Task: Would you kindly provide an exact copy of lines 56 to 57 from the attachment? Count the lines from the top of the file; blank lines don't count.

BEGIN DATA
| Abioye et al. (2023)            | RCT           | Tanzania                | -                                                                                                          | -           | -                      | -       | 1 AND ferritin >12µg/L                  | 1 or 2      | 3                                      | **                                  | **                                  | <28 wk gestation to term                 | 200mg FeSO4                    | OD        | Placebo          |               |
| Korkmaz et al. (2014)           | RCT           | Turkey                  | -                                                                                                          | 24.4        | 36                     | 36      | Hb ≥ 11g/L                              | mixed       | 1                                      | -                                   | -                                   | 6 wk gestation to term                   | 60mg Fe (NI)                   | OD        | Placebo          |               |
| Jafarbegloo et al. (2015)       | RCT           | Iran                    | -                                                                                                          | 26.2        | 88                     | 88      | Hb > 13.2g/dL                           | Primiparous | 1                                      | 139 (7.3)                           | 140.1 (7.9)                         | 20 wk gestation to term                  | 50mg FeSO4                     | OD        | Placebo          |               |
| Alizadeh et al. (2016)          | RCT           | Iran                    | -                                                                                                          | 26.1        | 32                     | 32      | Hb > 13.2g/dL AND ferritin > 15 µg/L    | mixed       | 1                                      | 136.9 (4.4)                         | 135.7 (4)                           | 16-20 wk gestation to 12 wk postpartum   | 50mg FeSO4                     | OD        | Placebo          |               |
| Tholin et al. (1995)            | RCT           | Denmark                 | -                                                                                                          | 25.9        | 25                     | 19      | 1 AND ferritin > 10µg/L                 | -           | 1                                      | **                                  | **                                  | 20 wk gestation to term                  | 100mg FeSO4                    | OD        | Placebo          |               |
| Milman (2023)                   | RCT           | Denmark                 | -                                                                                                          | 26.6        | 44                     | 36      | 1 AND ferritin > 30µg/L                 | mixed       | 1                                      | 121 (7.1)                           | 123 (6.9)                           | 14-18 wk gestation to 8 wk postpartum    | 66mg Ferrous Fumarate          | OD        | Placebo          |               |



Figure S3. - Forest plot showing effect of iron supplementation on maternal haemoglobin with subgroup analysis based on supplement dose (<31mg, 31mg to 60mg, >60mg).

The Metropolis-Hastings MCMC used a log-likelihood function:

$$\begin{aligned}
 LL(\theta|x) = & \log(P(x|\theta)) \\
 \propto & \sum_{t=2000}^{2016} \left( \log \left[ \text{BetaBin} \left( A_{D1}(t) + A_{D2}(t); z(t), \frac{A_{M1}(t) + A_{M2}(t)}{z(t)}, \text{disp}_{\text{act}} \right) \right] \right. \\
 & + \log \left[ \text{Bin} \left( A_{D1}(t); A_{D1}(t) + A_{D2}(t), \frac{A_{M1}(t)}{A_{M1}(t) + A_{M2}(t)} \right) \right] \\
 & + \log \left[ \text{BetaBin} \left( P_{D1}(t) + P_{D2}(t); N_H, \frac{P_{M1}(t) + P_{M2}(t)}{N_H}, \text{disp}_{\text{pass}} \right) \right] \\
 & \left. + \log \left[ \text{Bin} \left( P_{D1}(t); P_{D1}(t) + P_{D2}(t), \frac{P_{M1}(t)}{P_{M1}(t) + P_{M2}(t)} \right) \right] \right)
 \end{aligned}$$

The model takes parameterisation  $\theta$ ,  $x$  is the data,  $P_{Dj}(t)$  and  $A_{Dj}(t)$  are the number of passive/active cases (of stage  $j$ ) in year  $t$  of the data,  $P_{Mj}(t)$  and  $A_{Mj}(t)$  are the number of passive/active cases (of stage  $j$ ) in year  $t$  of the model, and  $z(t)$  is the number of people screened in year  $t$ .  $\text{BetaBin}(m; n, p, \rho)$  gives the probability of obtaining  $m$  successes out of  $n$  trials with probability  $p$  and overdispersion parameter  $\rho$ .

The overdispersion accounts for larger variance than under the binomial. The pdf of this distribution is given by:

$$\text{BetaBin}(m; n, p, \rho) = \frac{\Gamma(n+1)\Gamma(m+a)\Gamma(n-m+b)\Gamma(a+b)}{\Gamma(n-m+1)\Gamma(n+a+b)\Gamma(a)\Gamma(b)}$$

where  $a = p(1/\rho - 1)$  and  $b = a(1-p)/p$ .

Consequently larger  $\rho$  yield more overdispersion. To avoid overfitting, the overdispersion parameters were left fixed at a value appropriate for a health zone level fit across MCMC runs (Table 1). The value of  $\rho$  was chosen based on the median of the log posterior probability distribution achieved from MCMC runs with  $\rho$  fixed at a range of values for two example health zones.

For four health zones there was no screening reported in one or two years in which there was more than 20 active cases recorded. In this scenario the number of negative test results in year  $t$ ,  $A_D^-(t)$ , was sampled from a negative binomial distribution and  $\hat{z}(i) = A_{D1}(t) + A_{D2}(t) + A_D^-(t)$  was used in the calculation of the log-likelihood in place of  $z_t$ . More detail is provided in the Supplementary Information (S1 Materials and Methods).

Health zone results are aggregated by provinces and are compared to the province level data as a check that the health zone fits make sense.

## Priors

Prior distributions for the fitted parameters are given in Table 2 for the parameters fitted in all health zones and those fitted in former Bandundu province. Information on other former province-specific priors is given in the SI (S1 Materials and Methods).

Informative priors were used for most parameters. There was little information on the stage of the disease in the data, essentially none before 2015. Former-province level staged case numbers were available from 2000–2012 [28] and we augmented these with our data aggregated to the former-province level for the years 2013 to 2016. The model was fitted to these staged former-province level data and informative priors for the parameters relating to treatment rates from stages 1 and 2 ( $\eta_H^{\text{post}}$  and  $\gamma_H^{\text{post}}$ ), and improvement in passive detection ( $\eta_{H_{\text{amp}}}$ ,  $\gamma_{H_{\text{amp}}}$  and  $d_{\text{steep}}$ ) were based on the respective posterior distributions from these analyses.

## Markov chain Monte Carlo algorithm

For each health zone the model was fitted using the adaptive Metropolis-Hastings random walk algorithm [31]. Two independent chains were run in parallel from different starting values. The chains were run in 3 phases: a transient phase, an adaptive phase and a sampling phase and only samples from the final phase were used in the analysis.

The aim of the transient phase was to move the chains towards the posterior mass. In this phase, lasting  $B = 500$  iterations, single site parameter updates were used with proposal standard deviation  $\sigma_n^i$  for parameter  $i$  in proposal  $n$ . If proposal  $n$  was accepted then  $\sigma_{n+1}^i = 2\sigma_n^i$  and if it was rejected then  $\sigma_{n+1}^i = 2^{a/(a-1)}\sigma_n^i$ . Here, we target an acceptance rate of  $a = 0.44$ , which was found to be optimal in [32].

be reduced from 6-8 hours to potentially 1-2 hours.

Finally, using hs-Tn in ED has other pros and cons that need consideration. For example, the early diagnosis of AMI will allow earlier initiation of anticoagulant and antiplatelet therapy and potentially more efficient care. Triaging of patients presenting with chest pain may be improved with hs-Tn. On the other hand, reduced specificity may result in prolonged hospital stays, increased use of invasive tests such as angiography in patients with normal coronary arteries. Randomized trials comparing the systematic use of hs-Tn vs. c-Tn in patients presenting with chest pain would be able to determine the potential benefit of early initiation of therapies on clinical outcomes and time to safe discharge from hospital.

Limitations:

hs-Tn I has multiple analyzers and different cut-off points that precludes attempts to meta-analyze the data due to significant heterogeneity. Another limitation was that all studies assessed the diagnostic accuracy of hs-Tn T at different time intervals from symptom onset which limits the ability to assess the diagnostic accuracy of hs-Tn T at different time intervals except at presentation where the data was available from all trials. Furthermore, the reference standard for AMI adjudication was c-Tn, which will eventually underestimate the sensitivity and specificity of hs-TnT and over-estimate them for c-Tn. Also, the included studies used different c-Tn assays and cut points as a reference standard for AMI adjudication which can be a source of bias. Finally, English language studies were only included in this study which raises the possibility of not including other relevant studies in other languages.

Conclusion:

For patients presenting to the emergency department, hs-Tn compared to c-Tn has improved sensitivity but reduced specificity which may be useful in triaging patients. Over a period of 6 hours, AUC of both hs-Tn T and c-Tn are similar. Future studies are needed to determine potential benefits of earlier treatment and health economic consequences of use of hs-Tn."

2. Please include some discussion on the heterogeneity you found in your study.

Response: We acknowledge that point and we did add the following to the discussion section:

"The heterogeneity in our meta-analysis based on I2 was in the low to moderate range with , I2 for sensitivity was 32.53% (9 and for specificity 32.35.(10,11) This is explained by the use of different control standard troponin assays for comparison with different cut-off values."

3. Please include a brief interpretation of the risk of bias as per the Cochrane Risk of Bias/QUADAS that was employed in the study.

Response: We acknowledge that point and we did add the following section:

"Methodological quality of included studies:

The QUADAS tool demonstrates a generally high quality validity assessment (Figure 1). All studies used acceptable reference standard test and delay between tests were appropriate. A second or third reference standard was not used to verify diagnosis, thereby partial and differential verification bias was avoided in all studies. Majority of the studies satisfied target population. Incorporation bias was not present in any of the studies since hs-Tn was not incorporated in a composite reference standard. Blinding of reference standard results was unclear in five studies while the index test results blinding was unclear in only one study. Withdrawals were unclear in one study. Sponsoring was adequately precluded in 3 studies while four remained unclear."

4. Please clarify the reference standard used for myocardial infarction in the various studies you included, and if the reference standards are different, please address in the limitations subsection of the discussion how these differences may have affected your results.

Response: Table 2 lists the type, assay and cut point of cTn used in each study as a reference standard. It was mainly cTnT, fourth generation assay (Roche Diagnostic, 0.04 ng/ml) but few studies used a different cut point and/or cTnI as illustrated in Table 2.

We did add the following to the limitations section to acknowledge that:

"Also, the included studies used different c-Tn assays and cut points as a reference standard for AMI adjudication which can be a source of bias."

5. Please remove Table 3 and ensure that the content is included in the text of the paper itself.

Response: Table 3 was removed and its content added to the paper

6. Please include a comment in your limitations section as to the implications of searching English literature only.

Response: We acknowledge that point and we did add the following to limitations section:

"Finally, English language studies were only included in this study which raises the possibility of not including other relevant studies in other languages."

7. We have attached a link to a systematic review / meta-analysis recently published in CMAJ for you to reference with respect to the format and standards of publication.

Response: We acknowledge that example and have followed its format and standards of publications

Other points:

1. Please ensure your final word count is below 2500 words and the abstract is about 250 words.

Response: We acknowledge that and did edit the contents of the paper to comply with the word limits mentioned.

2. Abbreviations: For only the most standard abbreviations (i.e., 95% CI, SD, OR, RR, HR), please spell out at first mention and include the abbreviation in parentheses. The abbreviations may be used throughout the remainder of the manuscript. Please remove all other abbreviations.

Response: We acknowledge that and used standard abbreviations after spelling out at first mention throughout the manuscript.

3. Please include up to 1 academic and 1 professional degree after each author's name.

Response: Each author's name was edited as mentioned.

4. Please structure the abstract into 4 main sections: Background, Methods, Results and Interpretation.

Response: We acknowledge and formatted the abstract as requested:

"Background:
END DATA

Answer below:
2. Abbreviations: For only the most standard abbreviations (i.e., 95% CI, SD, OR, RR, HR), please spell out at first mention and include the abbreviation in parentheses. The abbreviations may be used throughout the remainder of the manuscript. Please remove all other abbreviations.

Response: We acknowledge that and used standard abbreviations after spelling out at first mention throughout the manuscript.